If there’s no trade union the employer must inform and consult other employee representatives. There might already be representatives, or new ones can be specially elected.
Employers with less than 10 employees can inform and consult directly with employees if there aren’t any appropriate representatives and the transfer will take place on 31 July 2014 or later.
Transfers of employment contracts
Under TUPE, the new employer takes over employees’ employment contracts, including:
- all the previous terms and conditions of employment
- any failures of the previous employer to observe employees’ rights (so employees could make a claim for discrimination against the new employer, even if it took place before the transfer)
- holiday entitlement
- period of continuous employment – an employee’s start date is the same as before the transfer, so continuous employment isn’t broken
- any collective agreements previously made
It’s a breach of contract if the new employer doesn’t meet the terms of the employment contract.
If an employee doesn’t want to work for the new employer
Employees can refuse to work for the new employer. This is the same as resigning – they won’t normally be able to claim unfair dismissal or redundancy pay.
Notice isn’t required. The employee simply tells the employer, or the new employer, before the transfer happens. Employment then ends at the time of transfer.
If an employee’s working conditions are significantly worse because of the transfer, they can object to the transfer, or resign and claim unfair dismissal.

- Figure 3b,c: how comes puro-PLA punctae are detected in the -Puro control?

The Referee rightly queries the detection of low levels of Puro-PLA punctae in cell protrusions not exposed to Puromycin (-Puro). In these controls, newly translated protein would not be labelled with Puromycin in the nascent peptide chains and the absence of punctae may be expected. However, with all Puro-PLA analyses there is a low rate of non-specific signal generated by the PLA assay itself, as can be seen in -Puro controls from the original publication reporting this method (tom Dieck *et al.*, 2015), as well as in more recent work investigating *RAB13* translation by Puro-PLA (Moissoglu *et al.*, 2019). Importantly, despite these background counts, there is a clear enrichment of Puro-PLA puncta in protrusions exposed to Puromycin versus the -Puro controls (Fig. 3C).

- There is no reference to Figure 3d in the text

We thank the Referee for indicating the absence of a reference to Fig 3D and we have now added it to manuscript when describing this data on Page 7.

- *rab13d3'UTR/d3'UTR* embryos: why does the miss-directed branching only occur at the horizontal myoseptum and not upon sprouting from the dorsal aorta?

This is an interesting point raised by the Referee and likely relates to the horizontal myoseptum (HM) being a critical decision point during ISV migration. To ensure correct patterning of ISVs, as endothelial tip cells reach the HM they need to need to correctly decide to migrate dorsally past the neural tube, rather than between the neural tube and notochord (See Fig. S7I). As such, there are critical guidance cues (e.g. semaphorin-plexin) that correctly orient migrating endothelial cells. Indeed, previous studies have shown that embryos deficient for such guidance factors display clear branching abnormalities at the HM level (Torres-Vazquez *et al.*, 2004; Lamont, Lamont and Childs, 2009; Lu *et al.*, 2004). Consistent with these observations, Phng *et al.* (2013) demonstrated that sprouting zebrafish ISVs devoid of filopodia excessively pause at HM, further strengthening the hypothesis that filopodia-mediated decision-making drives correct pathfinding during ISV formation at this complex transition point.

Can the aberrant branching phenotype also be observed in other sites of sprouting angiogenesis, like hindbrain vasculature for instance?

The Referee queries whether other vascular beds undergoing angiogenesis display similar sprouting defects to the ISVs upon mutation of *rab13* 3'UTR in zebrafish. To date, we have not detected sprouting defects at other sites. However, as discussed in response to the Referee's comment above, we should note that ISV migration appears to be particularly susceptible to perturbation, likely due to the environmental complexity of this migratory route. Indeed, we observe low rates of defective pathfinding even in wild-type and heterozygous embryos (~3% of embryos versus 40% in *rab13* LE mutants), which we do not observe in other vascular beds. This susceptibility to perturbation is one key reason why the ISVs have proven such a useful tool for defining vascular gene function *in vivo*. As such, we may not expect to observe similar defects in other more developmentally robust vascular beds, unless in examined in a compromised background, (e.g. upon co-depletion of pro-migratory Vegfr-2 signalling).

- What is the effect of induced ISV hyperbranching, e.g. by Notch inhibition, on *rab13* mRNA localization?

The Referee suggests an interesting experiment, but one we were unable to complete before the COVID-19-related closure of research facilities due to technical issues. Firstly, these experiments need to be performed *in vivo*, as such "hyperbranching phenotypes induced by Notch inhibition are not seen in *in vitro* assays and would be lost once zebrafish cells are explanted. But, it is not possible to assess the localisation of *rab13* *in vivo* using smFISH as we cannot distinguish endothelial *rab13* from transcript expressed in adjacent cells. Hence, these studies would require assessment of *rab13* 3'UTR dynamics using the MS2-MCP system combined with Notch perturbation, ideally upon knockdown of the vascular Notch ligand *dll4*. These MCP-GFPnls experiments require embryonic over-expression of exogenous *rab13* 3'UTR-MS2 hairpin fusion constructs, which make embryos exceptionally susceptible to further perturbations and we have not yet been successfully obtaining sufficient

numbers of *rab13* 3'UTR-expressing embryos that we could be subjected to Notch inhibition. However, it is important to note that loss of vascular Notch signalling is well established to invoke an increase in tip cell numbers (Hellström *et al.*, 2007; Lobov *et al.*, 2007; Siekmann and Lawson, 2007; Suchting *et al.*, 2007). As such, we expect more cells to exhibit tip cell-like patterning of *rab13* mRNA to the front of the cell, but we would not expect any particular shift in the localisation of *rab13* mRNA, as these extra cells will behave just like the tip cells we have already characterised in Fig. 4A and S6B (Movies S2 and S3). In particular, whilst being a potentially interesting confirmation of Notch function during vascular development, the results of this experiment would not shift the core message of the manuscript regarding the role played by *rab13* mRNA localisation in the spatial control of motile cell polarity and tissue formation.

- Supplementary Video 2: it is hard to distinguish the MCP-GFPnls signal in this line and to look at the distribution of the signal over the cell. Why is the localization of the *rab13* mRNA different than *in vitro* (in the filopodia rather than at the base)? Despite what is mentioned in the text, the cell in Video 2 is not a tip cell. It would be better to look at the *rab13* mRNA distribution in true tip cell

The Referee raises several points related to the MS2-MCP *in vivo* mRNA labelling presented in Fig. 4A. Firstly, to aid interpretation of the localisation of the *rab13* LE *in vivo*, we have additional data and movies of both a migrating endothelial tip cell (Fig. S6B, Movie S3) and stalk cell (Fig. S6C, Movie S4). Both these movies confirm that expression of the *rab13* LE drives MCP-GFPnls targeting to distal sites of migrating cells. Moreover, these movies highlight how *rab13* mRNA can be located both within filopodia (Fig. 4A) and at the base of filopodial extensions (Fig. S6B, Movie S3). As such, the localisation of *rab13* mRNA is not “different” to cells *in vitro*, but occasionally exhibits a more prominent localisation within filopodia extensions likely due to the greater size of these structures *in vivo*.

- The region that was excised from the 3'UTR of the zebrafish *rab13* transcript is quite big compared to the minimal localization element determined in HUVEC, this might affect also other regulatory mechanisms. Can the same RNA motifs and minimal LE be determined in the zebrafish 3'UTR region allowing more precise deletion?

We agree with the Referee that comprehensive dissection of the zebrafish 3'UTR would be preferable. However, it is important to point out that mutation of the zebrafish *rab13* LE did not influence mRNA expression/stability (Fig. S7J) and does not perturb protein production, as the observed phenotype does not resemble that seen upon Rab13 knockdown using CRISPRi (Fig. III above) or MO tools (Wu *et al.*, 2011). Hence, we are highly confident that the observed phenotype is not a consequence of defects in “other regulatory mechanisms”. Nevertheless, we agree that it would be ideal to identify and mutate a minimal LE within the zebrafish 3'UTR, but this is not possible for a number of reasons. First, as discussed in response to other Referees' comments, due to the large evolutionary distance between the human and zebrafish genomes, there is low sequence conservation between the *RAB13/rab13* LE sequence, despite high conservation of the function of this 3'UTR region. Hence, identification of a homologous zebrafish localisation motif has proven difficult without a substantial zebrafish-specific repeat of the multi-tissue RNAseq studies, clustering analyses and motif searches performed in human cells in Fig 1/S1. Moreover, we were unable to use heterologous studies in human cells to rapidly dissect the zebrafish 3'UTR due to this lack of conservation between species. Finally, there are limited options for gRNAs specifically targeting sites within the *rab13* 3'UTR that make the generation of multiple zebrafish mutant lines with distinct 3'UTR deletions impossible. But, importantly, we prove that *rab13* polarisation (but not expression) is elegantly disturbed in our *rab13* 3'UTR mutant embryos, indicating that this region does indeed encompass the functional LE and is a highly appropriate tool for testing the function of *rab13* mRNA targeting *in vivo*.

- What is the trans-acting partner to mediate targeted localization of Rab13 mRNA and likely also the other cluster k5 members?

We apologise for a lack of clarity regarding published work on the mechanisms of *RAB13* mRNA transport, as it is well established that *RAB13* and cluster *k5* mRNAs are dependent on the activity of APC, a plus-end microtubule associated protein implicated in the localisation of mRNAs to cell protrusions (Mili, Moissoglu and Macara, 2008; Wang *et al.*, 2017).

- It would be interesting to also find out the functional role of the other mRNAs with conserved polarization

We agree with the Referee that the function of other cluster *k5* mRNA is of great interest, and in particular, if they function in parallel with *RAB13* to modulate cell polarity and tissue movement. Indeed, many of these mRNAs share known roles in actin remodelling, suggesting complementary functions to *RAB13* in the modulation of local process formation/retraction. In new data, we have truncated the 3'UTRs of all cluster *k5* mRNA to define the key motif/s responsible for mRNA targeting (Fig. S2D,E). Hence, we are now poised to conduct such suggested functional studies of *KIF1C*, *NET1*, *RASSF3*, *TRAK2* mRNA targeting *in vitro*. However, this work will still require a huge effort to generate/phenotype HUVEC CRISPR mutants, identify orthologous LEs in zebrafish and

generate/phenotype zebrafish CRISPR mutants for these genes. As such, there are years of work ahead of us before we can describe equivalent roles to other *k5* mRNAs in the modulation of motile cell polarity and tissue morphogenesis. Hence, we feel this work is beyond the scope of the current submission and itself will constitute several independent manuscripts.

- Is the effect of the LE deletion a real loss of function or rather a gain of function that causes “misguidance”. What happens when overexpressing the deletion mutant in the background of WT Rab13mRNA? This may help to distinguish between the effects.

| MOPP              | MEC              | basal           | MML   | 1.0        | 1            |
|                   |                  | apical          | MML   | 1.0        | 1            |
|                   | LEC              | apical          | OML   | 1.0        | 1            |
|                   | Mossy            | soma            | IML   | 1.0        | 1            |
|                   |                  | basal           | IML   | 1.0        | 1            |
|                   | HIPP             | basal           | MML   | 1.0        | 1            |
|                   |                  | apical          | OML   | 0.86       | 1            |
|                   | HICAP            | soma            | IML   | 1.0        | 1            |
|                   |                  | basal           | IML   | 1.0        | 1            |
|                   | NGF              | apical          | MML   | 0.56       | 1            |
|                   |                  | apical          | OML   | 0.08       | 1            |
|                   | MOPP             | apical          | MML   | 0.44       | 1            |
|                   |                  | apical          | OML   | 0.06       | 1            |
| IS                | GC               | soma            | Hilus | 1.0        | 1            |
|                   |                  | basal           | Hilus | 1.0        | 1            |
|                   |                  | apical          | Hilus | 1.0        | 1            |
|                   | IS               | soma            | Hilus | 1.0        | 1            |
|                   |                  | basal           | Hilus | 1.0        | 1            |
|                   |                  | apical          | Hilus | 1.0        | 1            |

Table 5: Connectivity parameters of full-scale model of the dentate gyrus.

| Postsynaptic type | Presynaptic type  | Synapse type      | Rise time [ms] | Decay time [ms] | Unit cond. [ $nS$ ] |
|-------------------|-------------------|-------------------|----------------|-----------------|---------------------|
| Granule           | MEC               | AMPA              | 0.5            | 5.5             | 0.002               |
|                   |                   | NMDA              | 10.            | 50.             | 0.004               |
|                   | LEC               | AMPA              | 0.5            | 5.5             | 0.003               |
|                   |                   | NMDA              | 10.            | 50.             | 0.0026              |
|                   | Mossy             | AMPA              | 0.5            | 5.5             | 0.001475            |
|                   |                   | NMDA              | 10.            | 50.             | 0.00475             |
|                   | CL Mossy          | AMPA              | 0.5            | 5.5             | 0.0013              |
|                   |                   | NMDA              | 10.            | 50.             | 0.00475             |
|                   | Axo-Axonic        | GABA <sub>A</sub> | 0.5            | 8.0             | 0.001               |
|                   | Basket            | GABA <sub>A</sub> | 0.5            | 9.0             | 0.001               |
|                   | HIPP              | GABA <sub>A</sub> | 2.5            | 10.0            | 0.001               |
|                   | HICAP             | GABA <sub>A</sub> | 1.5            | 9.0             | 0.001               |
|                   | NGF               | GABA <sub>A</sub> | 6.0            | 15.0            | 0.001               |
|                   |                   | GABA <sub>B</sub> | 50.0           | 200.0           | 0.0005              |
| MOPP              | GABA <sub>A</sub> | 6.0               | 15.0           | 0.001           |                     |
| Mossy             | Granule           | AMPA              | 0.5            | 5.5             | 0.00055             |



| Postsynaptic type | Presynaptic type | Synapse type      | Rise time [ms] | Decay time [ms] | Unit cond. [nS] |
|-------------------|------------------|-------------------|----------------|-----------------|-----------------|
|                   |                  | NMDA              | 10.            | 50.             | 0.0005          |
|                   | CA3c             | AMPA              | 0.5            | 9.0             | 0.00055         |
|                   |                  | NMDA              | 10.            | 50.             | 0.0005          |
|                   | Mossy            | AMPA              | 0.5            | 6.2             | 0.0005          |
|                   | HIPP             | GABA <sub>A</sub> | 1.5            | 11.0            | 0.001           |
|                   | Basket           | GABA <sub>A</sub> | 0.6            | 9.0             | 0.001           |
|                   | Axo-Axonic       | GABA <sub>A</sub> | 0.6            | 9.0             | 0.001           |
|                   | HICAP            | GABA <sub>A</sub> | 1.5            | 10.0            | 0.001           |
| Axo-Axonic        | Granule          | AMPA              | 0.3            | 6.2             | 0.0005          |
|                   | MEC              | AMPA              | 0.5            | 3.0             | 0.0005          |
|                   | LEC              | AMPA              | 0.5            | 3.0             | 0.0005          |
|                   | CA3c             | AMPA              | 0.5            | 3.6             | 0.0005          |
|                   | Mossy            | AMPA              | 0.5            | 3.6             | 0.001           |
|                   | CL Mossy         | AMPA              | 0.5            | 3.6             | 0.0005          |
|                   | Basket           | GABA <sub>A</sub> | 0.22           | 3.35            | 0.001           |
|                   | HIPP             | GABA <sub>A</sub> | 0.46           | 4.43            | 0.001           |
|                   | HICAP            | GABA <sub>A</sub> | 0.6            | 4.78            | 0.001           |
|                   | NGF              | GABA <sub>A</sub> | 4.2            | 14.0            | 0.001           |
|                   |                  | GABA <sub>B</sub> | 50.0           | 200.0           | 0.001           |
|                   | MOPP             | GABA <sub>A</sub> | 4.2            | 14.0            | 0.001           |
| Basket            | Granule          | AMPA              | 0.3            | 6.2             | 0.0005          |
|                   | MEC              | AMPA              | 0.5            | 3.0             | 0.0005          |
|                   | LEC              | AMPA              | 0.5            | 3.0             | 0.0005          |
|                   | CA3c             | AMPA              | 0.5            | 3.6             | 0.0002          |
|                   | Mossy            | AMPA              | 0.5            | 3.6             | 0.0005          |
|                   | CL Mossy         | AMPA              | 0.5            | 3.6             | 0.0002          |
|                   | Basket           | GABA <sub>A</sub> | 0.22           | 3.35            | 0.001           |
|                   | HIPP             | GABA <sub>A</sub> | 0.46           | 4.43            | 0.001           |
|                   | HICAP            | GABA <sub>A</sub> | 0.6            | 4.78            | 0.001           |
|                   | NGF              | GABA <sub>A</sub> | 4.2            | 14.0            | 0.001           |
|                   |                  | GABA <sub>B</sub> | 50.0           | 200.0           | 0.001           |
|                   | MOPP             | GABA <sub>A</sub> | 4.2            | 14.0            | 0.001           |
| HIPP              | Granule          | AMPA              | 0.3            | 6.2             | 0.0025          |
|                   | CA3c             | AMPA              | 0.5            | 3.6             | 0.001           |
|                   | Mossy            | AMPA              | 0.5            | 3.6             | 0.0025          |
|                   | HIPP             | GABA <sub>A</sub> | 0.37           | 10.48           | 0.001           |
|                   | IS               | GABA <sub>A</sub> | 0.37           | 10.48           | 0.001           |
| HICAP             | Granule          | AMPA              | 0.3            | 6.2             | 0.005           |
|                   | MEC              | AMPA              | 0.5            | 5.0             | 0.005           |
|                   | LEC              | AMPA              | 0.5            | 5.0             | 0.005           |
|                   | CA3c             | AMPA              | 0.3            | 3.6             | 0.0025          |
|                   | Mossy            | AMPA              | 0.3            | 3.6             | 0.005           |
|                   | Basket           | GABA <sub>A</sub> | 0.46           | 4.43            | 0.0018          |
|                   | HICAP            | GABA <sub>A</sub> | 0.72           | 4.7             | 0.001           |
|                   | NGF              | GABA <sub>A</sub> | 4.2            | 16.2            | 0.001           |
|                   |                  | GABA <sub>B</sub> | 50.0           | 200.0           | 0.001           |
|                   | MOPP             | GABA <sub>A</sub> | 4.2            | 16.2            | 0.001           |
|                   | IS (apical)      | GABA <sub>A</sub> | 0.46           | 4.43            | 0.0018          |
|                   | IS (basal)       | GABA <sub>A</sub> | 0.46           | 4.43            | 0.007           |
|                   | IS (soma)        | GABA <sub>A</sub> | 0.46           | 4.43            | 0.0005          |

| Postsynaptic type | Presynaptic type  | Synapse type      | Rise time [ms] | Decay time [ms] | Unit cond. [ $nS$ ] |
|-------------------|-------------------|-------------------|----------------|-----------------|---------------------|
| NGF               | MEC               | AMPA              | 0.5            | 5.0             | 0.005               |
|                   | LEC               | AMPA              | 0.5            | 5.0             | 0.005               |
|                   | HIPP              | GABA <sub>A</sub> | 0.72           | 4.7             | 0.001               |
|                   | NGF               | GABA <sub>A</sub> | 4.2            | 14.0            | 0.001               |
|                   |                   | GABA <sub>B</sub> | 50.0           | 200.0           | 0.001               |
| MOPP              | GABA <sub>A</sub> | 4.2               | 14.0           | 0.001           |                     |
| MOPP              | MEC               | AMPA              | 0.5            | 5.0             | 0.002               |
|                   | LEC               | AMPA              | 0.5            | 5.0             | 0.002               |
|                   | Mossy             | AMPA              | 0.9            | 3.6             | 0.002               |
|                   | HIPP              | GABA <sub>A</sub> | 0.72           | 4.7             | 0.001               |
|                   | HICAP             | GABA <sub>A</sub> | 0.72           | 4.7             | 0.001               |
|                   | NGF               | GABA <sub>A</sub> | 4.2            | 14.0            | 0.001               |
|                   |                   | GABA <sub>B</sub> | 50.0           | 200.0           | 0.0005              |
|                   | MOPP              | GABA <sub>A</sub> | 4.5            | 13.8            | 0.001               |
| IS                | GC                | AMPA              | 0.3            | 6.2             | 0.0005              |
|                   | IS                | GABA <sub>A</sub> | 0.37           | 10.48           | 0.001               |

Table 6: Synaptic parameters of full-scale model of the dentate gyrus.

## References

Changing an employment contract
TUPE regulations mean employees shouldn’t lose their existing employment rights.
Before the transfer
If the employer knows an employee is transferring to another company, they can’t normally change the employee’s terms and conditions to make them the same as those of the new company – even if the employee agrees to the change.
After the transfer
The new employer can’t change an employee’s terms and conditions if the reason is the transfer itself.
The new employer can change an employee’s terms and conditions if the reason is an ‘economic, technical or organisational reason’ (ETO) involving changes in the workforce or workplace, such as a result of redundancies or a move from a managerial to a non-managerial position. The employee needs to agree to this change.
‘Economic’ reasons are to do with how the company is performing.
‘Technical’ reasons are to do with the equipment or processes the company uses.
‘Organisational’ reasons are to do with the structure of the company.
Employers can make changes if the employee’s existing contract allows for those changes. But the transfer itself can’t be the reason for change.
Employers can renegotiate terms and conditions in collective agreements after 1 year if the change isn’t less favourable to the employee.
Employees’ company pension rights earned up to the time of a transfer are protected, but the new employer doesn’t have to continue an identical pension.
Employment tribunal Claims
If an employee’s terms are changed or an employee is dismissed because of a TUPE transfer the employee may make a claim for unfair dismissal.